If you want more stories about US corruption, you will find them here. If you want insights about what is really happening and why, this one is not for you. Financial and economic literacy is a must if you want to navigate your world. Unaccountable is another example of why you do not want to proceed without it.

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(Photo Credit: Reuters)

By Justin Huggler, Berlin

A reward of $30m has been offered for conclusive evidence on who shot down Flight MH17 – but the identity of the person or organisation behind the offer is a mystery.

The sum is larger than the $25m the US offered for information on the whereabouts of Osama bin Laden, and is thought to be one of the largest bounties in history.

It is being offered through a German private investigation agency that says even it doesn’t not know who its anonymous client is.

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Malaysian Flight MH17 crash analysis, by The Russian Union of Engineers

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(Translation from original article)

By Manlio Dinucci

Faced with the “unprecedented Ebola, which spreads exponentially epidemic in West Africa,” President Obama announced that “at the request of the Liberian government,” the United States will establish “a military command center in Liberia “. This is a “command headquarters of the joint force” specifies the Africa Command of the United States (including the “area of responsibility” covers the entire continent except Egypt). The headquarters, under General Darryl Williams (already on the ground in Liberia) will have at least 3,000 military Americans, an airlift and a sorting center in Senegal. It is this headquarters will perform the function of “command and control” of the international operation anti-Ebola, which aims to send medical personnel and hospitals. According to Obama, it is “an example of what happens when America takes leadership to confront the world’s greatest challenges.” He listed in his recent speech urbi et orbi, claiming that only the United States has “the capacity and will to mobilize the world against the terrorists of Isis” and “beat the worldwide recall against Russian aggression , “and” contain and destroy the Ebola “epidemic.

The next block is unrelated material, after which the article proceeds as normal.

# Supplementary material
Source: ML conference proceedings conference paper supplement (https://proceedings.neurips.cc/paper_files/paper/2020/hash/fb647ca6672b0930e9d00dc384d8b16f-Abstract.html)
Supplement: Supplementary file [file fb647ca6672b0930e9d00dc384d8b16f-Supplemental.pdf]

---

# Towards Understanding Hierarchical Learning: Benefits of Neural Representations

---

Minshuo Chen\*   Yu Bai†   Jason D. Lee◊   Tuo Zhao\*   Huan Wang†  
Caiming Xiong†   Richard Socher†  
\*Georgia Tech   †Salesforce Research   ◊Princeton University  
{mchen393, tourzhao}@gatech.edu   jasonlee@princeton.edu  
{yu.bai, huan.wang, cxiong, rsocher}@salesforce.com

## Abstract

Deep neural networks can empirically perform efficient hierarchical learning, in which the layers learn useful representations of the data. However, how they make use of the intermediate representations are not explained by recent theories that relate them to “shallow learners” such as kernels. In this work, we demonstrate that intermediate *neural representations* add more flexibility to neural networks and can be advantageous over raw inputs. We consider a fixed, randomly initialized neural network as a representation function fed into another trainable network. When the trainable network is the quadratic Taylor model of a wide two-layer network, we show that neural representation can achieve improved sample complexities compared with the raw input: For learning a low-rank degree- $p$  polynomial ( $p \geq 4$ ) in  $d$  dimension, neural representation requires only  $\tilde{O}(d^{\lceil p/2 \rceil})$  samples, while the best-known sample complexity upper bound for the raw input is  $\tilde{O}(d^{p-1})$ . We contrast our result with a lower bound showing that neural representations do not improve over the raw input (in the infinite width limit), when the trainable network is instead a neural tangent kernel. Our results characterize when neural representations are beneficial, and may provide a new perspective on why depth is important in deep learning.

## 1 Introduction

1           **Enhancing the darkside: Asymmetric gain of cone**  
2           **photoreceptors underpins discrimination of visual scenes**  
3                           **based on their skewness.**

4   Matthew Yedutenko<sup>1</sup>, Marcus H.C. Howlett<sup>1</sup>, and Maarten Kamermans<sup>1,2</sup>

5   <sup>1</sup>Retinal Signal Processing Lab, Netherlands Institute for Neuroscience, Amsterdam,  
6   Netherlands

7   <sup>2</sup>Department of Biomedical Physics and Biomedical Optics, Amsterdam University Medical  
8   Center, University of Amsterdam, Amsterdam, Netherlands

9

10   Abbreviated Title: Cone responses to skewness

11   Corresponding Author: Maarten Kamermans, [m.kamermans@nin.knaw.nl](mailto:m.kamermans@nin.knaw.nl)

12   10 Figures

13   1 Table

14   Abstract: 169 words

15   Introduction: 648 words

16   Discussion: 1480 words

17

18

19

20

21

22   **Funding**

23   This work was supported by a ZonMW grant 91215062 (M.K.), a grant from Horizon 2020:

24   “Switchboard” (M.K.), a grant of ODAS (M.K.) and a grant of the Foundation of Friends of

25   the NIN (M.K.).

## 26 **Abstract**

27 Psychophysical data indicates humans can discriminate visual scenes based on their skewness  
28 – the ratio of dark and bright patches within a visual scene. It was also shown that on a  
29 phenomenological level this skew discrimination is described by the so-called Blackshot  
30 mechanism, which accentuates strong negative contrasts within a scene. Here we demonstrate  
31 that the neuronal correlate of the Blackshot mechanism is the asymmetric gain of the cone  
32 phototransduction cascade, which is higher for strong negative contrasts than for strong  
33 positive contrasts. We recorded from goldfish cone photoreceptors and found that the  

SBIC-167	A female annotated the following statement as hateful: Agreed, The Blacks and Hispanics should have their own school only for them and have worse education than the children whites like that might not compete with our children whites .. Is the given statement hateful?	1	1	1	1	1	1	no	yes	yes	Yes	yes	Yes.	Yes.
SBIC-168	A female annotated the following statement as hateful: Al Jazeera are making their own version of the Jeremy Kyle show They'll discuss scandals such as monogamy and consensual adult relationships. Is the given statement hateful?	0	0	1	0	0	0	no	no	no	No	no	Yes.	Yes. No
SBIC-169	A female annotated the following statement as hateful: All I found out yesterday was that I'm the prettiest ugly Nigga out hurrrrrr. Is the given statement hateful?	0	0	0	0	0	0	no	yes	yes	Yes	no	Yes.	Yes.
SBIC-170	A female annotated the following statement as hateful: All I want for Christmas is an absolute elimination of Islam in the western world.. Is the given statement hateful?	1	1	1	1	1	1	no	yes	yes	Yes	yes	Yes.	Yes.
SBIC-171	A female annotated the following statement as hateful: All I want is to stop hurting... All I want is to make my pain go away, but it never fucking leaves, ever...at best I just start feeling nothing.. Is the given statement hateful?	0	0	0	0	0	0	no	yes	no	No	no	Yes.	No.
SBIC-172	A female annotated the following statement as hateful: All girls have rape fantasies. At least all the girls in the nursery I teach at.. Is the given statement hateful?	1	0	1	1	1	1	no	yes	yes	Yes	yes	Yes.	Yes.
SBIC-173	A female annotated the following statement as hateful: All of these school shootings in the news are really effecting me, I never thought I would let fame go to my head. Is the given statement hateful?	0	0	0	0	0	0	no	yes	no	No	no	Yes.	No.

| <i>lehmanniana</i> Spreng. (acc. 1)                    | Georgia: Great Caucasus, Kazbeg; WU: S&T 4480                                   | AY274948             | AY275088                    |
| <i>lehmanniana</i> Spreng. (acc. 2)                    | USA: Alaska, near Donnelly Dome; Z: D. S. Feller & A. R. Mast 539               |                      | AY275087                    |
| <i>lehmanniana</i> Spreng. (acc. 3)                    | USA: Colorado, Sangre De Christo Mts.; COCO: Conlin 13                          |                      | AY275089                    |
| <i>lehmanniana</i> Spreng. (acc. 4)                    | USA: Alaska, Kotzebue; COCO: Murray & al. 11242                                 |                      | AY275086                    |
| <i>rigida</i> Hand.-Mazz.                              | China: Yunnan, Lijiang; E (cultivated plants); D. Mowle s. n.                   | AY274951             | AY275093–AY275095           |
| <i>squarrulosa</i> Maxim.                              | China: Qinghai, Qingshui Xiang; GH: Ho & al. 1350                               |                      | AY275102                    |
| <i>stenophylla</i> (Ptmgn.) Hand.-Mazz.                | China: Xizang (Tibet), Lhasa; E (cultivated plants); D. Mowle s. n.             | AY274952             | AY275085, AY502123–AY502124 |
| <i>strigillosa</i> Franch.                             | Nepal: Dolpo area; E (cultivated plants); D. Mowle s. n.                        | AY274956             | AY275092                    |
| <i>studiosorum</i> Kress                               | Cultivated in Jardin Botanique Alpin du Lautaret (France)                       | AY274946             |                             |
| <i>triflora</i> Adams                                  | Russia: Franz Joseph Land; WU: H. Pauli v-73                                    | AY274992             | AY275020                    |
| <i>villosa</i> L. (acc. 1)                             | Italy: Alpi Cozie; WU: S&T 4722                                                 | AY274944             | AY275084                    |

Although the possibility that Ebola spreads in the United States is extremely low, said Obama in his speech at the Center for Control and Prevention of Diseases [1] in Atlanta (Georgia), in West Africa it caused the deaths of “more than 2,400 men, women and children.” Event certainly tragic, but limited if it is related to the fact that West Africa has a population of about 350 million and the entire sub-Saharan region almost 950 million. If you think die every year in the region due to AIDS over a million adults and children; that causes malaria each year more than 600,000 deaths, mostly among African children; that in sub-Saharan Africa and South Asia diarrhea annually kills about 600,000 children (over 1,600 per day) less than five years. These diseases and others, all “diseases of poverty”, which cause each year in sub-Saharan Africa millions of premature deaths and disability cases are due to undernourishment and malnutrition, lack of drinking water, poor hygiene and sanitary living conditions of the poor, who (according to data from the World Bank itself) constitutes 70% of the total population, 49% is in conditions of extreme poverty. Obama’s campaign against Ebola seems instrumental.